This advisory comes as Puerto Rico declares a state of emergency following a record 549 cases of dengue reported this year. The Virgin Islands Department of Health remains proactive in its efforts to prevent a similar surge in cases, advocating for community awareness and adherence to prevention measures.

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The Complex Challenge of Diabetes Management in the USVI: Insights from Health Professionals

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In the US Virgin Islands, the battle against diabetes presents unique challenges, underscored by the local response to treatment options like Semaglutide, known commercially as Wegovy and Ozempic. These medications, which are increasingly popular for their weight loss side effects, have not seen widespread adoption in the territory, according to healthcare professionals.

Semaglutide, a weekly injectable medication for type 2 diabetes, enhances insulin production and lowers blood sugar. It’s also taken orally by prediabetic individuals to delay the onset of diabetes. Despite its benefits and growing fame—bolstered by celebrity endorsements like Oprah, who referred to it as a “maintenance tool”—the drug’s reception in the USVI has been lukewarm.

During a recent legislative discussion on diabetes management, Senator Marise James questioned the extent of Semaglutide’s use in the territory. Carlos Castillo, a nurse practitioner at the V.I. Diabetes Center of Excellence, revealed a surprising trend: many Virgin Islanders resist the weight loss that accompanies the medication. Castillo shared that while Semaglutide could lead to a 4-6% reduction in body weight, many locals prefer not to use it for fear of losing weight.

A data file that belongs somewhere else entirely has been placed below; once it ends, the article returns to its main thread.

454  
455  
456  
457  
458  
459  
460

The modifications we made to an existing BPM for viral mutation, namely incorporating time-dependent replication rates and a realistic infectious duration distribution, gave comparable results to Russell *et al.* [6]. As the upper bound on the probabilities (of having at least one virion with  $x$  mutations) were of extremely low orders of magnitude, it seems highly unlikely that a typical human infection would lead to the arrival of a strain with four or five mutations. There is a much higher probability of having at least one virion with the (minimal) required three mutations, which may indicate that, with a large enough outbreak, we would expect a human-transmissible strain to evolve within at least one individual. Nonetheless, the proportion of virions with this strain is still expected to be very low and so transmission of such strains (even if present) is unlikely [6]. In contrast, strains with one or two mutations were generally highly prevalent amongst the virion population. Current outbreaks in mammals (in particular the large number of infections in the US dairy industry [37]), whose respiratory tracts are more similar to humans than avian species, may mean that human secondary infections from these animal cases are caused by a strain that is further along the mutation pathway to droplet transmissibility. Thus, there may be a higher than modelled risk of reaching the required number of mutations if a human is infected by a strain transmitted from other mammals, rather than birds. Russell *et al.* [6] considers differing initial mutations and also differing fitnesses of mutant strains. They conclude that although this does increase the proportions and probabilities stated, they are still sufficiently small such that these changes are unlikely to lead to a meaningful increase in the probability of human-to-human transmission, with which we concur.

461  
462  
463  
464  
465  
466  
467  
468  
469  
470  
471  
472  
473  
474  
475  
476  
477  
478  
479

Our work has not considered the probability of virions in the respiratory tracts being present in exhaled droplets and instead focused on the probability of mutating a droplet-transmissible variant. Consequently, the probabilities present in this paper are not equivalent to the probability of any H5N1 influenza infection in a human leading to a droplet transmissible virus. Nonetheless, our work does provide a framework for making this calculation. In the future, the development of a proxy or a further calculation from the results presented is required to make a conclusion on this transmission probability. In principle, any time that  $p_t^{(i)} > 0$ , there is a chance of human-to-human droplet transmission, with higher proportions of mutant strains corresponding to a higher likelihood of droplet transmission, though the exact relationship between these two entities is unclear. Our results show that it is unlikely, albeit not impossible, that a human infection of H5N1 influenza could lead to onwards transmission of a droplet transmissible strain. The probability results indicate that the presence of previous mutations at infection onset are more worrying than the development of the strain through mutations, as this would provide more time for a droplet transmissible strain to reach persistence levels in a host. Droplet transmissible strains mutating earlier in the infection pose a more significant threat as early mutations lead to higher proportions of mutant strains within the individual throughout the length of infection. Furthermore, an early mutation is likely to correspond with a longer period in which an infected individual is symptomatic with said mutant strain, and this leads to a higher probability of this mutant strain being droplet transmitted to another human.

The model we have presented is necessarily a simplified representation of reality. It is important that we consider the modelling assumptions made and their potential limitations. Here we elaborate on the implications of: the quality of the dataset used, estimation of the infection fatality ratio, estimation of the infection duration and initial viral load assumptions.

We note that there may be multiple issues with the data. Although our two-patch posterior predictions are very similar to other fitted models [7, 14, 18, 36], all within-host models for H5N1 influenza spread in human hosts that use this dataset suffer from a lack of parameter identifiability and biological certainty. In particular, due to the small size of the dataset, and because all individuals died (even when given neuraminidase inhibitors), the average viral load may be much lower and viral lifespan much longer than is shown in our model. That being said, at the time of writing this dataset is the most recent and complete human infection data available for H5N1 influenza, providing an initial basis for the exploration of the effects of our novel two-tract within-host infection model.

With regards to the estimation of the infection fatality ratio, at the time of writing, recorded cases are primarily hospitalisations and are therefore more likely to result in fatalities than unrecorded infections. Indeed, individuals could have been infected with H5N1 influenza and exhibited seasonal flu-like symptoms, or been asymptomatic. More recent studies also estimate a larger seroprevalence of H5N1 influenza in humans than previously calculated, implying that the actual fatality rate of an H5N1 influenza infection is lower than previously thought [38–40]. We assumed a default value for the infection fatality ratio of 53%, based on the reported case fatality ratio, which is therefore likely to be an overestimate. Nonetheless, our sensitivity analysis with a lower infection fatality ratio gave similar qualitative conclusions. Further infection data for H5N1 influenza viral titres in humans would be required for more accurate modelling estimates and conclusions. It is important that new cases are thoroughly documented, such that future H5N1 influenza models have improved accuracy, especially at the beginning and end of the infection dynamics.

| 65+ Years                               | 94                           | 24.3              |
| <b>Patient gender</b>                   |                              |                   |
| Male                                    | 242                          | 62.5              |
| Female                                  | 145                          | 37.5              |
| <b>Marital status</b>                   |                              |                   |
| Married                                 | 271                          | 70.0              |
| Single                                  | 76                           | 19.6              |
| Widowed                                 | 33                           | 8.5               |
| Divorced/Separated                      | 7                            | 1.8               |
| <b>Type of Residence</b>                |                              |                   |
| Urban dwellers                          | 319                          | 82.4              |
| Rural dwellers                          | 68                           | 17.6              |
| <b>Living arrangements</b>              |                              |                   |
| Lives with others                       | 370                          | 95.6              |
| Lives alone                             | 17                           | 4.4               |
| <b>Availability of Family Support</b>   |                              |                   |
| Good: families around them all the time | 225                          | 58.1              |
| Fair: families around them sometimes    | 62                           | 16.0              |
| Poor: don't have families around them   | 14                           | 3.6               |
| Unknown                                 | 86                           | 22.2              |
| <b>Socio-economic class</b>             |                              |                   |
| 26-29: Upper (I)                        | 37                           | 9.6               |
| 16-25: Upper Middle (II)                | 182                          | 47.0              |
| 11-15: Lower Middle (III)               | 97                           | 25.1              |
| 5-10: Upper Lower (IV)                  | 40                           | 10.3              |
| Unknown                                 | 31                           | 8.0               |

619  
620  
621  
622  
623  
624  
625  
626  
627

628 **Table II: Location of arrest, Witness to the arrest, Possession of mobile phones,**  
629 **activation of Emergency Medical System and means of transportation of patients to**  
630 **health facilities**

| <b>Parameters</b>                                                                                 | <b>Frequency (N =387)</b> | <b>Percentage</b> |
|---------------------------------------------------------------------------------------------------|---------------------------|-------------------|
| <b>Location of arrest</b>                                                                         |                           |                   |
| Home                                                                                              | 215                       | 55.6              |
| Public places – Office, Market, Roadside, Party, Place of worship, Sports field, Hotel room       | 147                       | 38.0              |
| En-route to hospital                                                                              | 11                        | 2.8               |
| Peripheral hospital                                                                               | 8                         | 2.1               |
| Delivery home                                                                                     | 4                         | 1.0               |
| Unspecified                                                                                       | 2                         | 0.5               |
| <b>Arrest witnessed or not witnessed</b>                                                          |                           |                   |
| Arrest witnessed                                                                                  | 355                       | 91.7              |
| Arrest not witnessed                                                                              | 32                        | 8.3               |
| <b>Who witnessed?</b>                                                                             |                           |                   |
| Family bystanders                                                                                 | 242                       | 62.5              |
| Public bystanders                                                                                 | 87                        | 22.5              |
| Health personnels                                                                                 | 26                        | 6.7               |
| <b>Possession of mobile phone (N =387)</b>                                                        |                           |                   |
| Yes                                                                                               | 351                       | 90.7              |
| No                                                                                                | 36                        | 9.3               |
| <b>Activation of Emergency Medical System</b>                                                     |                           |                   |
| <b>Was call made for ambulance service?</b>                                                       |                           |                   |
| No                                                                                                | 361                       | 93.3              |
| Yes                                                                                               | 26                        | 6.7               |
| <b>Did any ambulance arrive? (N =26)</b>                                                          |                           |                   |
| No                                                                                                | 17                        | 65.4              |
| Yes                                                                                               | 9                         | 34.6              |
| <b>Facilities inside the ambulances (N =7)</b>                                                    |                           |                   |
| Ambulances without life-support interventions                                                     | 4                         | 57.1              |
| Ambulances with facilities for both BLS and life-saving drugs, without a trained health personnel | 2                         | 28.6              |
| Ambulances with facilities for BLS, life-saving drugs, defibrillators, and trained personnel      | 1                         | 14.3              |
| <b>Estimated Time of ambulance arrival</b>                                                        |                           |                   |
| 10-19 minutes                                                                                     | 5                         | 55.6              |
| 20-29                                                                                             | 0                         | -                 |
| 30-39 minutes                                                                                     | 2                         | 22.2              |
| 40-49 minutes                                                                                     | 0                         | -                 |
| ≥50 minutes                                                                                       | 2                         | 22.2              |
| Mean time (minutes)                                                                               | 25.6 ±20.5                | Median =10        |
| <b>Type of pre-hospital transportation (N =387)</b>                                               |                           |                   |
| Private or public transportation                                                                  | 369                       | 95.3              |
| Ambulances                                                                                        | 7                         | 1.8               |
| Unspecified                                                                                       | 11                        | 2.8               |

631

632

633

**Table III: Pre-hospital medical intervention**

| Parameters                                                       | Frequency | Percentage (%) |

Another significant hurdle is the medication’s cost. Without insurance coverage, the price can soar to $1,200 monthly, making it inaccessible for some. This issue of affordability, alongside cultural attitudes towards weight and medication, contributes to the drug’s limited use.

The phenomenon of preferring natural remedies over prescribed medication and the reluctance to lose weight reflect broader cultural attitudes towards health, as noted by Julia Sheen, the executive director of the Virgin Islands Diabetes Center of Excellence. Sheen stressed, however, that not all Virgin Islanders share this sentiment. The Center’s efforts in education, outreach, and diabetes management classes aim to promote healthier lifestyles and understanding of the link between weight control and diabetes management.

Despite the challenges, the commitment of the Virgin Islands Diabetes Center of Excellence to combat diabetes through comprehensive education and support programs remains unwavering. Their work illustrates the importance of tailored health interventions that respect cultural values while striving to improve outcomes for those living with diabetes in the territory.